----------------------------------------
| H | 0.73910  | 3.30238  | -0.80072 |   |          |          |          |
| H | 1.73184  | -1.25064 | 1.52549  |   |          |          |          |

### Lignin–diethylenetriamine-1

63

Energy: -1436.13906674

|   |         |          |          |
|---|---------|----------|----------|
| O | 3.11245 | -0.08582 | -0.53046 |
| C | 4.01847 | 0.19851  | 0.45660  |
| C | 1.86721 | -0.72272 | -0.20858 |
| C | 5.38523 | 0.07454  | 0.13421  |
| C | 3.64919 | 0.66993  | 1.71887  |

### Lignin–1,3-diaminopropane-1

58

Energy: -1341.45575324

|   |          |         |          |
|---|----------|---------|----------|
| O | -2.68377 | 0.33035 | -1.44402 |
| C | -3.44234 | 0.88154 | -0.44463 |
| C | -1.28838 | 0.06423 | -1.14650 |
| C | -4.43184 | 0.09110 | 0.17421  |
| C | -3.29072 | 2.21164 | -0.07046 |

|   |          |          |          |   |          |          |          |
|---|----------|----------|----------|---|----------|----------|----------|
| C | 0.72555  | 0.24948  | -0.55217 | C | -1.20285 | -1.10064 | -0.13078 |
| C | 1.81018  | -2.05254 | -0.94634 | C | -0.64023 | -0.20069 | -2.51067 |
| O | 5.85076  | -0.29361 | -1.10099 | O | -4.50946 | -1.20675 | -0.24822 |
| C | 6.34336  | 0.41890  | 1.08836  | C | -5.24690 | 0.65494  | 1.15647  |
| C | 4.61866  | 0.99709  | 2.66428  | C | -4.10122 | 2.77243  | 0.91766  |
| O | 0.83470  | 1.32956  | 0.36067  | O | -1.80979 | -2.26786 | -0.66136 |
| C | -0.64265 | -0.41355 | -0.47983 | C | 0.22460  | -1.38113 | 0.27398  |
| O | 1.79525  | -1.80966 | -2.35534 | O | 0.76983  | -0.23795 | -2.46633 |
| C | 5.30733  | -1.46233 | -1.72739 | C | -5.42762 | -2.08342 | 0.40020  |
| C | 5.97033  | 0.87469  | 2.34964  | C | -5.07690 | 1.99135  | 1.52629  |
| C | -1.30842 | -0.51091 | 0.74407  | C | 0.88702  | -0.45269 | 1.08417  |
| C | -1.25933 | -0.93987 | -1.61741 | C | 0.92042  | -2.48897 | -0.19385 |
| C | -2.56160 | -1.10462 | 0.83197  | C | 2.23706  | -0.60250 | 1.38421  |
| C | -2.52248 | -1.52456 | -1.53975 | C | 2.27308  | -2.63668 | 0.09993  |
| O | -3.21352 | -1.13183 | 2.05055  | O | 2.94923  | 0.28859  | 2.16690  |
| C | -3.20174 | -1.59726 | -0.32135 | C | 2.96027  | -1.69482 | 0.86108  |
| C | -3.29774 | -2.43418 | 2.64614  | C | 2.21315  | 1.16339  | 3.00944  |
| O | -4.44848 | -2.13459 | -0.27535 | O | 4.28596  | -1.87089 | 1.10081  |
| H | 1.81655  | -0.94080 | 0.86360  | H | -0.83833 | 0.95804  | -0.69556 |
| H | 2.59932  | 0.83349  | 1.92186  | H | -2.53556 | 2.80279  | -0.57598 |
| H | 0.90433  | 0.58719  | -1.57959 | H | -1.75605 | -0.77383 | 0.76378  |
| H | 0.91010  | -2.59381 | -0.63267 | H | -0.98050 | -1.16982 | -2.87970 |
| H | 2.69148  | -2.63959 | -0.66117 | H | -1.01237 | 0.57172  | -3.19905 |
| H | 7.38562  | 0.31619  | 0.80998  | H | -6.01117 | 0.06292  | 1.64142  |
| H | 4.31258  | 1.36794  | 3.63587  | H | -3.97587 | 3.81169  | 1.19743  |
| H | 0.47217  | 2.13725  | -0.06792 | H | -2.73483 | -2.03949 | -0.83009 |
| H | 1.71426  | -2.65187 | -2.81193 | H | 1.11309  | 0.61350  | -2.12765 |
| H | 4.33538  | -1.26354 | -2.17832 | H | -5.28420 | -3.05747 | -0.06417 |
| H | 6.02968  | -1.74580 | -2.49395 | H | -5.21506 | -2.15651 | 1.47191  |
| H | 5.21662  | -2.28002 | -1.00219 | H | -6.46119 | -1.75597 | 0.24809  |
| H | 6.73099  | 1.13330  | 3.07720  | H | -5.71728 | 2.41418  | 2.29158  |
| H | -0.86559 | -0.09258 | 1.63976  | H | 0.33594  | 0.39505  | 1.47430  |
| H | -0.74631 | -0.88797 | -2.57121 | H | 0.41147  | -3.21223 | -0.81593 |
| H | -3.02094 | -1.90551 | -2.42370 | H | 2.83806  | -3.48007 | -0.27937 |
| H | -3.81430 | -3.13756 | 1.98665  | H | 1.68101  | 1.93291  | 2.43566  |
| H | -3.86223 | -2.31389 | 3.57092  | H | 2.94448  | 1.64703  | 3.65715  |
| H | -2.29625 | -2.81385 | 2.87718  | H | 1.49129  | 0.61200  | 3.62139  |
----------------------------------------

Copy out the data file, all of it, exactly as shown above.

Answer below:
| H | 0.73910  | 3.30238  | -0.80072 |   |          |          |          |
| H | 1.73184  | -1.25064 | 1.52549  |   |          |          |          |

### Lignin–diethylenetriamine-1

63

Energy: -1436.13906674

|   |         |          |          |
|---|---------|----------|----------|
| O | 3.11245 | -0.08582 | -0.53046 |
| C | 4.01847 | 0.19851  | 0.45660  |
| C | 1.86721 | -0.72272 | -0.20858 |
| C | 5.38523 | 0.07454  | 0.13421  |
| C | 3.64919 | 0.66993  | 1.71887  |

### Lignin–1,3-diaminopropane-1

58

Energy: -1341.45575324

|   |          |         |          |
|---|----------|---------|----------|
| O | -2.68377 | 0.33035 | -1.44402 |
| C | -3.44234 | 0.88154 | -0.44463 |
| C | -1.28838 | 0.06423 | -1.14650 |
| C | -4.43184 | 0.09110 | 0.17421  |
| C | -3.29072 | 2.21164 | -0.07046 |

|   |          |          |          |   |          |          |          |
|---|----------|----------|----------|---|----------|----------|----------|
| C | 0.72555  | 0.24948  | -0.55217 | C | -1.20285 | -1.10064 | -0.13078 |
| C | 1.81018  | -2.05254 | -0.94634 | C | -0.64023 | -0.20069 | -2.51067 |
| O | 5.85076  | -0.29361 | -1.10099 | O | -4.50946 | -1.20675 | -0.24822 |
| C | 6.34336  | 0.41890  | 1.08836  | C | -5.24690 | 0.65494  | 1.15647  |
| C | 4.61866  | 0.99709  | 2.66428  | C | -4.10122 | 2.77243  | 0.91766  |
| O | 0.83470  | 1.32956  | 0.36067  | O | -1.80979 | -2.26786 | -0.66136 |
| C | -0.64265 | -0.41355 | -0.47983 | C | 0.22460  | -1.38113 | 0.27398  |
| O | 1.79525  | -1.80966 | -2.35534 | O | 0.76983  | -0.23795 | -2.46633 |
| C | 5.30733  | -1.46233 | -1.72739 | C | -5.42762 | -2.08342 | 0.40020  |
| C | 5.97033  | 0.87469  | 2.34964  | C | -5.07690 | 1.99135  | 1.52629  |
| C | -1.30842 | -0.51091 | 0.74407  | C | 0.88702  | -0.45269 | 1.08417  |
| C | -1.25933 | -0.93987 | -1.61741 | C | 0.92042  | -2.48897 | -0.19385 |
| C | -2.56160 | -1.10462 | 0.83197  | C | 2.23706  | -0.60250 | 1.38421  |
| C | -2.52248 | -1.52456 | -1.53975 | C | 2.27308  | -2.63668 | 0.09993  |
| O | -3.21352 | -1.13183 | 2.05055  | O | 2.94923  | 0.28859  | 2.16690  |
| C | -3.20174 | -1.59726 | -0.32135 | C | 2.96027  | -1.69482 | 0.86108  |
| C | -3.29774 | -2.43418 | 2.64614  | C | 2.21315  | 1.16339  | 3.00944  |
| O | -4.44848 | -2.13459 | -0.27535 | O | 4.28596  | -1.87089 | 1.10081  |
| H | 1.81655  | -0.94080 | 0.86360  | H | -0.83833 | 0.95804  | -0.69556 |
| H | 2.59932  | 0.83349  | 1.92186  | H | -2.53556 | 2.80279  | -0.57598 |
| H | 0.90433  | 0.58719  | -1.57959 | H | -1.75605 | -0.77383 | 0.76378  |
| H | 0.91010  | -2.59381 | -0.63267 | H | -0.98050 | -1.16982 | -2.87970 |
| H | 2.69148  | -2.63959 | -0.66117 | H | -1.01237 | 0.57172  | -3.19905 |
| H | 7.38562  | 0.31619  | 0.80998  | H | -6.01117 | 0.06292  | 1.64142  |
| H | 4.31258  | 1.36794  | 3.63587  | H | -3.97587 | 3.81169  | 1.19743  |
| H | 0.47217  | 2.13725  | -0.06792 | H | -2.73483 | -2.03949 | -0.83009 |
| H | 1.71426  | -2.65187 | -2.81193 | H | 1.11309  | 0.61350  | -2.12765 |
| H | 4.33538  | -1.26354 | -2.17832 | H | -5.28420 | -3.05747 | -0.06417 |
| H | 6.02968  | -1.74580 | -2.49395 | H | -5.21506 | -2.15651 | 1.47191  |
| H | 5.21662  | -2.28002 | -1.00219 | H | -6.46119 | -1.75597 | 0.24809  |
| H | 6.73099  | 1.13330  | 3.07720  | H | -5.71728 | 2.41418  | 2.29158  |
| H | -0.86559 | -0.09258 | 1.63976  | H | 0.33594  | 0.39505  | 1.47430  |
| H | -0.74631 | -0.88797 | -2.57121 | H | 0.41147  | -3.21223 | -0.81593 |
| H | -3.02094 | -1.90551 | -2.42370 | H | 2.83806  | -3.48007 | -0.27937 |
| H | -3.81430 | -3.13756 | 1.98665  | H | 1.68101  | 1.93291  | 2.43566  |
| H | -3.86223 | -2.31389 | 3.57092  | H | 2.94448  | 1.64703  | 3.65715  |
| H | -2.29625 | -2.81385 | 2.87718  | H | 1.49129  | 0.61200  | 3.62139  |